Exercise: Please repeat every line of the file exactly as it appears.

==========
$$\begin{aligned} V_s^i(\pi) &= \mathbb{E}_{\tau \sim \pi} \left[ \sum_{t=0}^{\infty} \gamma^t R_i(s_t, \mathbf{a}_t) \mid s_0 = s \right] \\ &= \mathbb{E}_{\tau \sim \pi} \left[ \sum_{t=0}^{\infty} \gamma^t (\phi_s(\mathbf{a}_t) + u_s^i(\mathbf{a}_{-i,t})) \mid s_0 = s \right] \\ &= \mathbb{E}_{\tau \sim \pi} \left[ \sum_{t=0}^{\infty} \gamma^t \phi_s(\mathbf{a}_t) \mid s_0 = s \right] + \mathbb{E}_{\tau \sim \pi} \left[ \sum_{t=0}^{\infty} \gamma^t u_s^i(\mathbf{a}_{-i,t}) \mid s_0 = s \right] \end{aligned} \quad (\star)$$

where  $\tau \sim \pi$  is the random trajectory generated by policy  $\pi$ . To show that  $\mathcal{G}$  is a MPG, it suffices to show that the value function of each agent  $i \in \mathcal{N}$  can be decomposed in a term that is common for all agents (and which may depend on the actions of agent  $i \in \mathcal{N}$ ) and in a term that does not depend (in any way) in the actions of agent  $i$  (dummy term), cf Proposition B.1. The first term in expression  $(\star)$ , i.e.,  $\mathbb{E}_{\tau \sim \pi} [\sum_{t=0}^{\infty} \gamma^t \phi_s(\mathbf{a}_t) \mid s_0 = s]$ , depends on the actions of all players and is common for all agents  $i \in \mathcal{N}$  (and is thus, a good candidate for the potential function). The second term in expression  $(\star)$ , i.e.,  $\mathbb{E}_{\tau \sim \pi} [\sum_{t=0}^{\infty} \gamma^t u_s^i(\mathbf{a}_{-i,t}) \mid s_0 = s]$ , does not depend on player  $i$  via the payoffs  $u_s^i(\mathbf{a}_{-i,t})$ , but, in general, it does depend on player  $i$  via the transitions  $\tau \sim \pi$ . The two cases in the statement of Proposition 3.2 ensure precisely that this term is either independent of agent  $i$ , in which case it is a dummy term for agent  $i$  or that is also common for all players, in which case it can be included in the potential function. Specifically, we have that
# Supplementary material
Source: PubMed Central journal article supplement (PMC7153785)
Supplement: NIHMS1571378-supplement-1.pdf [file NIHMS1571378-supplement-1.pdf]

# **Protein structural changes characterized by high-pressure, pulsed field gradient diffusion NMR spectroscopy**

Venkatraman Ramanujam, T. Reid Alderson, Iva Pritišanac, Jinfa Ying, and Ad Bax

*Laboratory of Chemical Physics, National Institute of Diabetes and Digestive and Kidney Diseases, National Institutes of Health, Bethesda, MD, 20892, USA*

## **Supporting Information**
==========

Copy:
$$\begin{aligned} V_s^i(\pi) &= \mathbb{E}_{\tau \sim \pi} \left[ \sum_{t=0}^{\infty} \gamma^t R_i(s_t, \mathbf{a}_t) \mid s_0 = s \right] \\ &= \mathbb{E}_{\tau \sim \pi} \left[ \sum_{t=0}^{\infty} \gamma^t (\phi_s(\mathbf{a}_t) + u_s^i(\mathbf{a}_{-i,t})) \mid s_0 = s \right] \\ &= \mathbb{E}_{\tau \sim \pi} \left[ \sum_{t=0}^{\infty} \gamma^t \phi_s(\mathbf{a}_t) \mid s_0 = s \right] + \mathbb{E}_{\tau \sim \pi} \left[ \sum_{t=0}^{\infty} \gamma^t u_s^i(\mathbf{a}_{-i,t}) \mid s_0 = s \right] \end{aligned} \quad (\star)$$

where  $\tau \sim \pi$  is the random trajectory generated by policy  $\pi$ . To show that  $\mathcal{G}$  is a MPG, it suffices to show that the value function of each agent  $i \in \mathcal{N}$  can be decomposed in a term that is common for all agents (and which may depend on the actions of agent  $i \in \mathcal{N}$ ) and in a term that does not depend (in any way) in the actions of agent  $i$  (dummy term), cf Proposition B.1. The first term in expression  $(\star)$ , i.e.,  $\mathbb{E}_{\tau \sim \pi} [\sum_{t=0}^{\infty} \gamma^t \phi_s(\mathbf{a}_t) \mid s_0 = s]$ , depends on the actions of all players and is common for all agents  $i \in \mathcal{N}$  (and is thus, a good candidate for the potential function). The second term in expression  $(\star)$ , i.e.,  $\mathbb{E}_{\tau \sim \pi} [\sum_{t=0}^{\infty} \gamma^t u_s^i(\mathbf{a}_{-i,t}) \mid s_0 = s]$ , does not depend on player  $i$  via the payoffs  $u_s^i(\mathbf{a}_{-i,t})$ , but, in general, it does depend on player  $i$  via the transitions  $\tau \sim \pi$ . The two cases in the statement of Proposition 3.2 ensure precisely that this term is either independent of agent  $i$ , in which case it is a dummy term for agent  $i$  or that is also common for all players, in which case it can be included in the potential function. Specifically, we have that
# Supplementary material
Source: PubMed Central journal article supplement (PMC7153785)
Supplement: NIHMS1571378-supplement-1.pdf [file NIHMS1571378-supplement-1.pdf]

# **Protein structural changes characterized by high-pressure, pulsed field gradient diffusion NMR spectroscopy**

Venkatraman Ramanujam, T. Reid Alderson, Iva Pritišanac, Jinfa Ying, and Ad Bax

*Laboratory of Chemical Physics, National Institute of Diabetes and Digestive and Kidney Diseases, National Institutes of Health, Bethesda, MD, 20892, USA*

## **Supporting Information**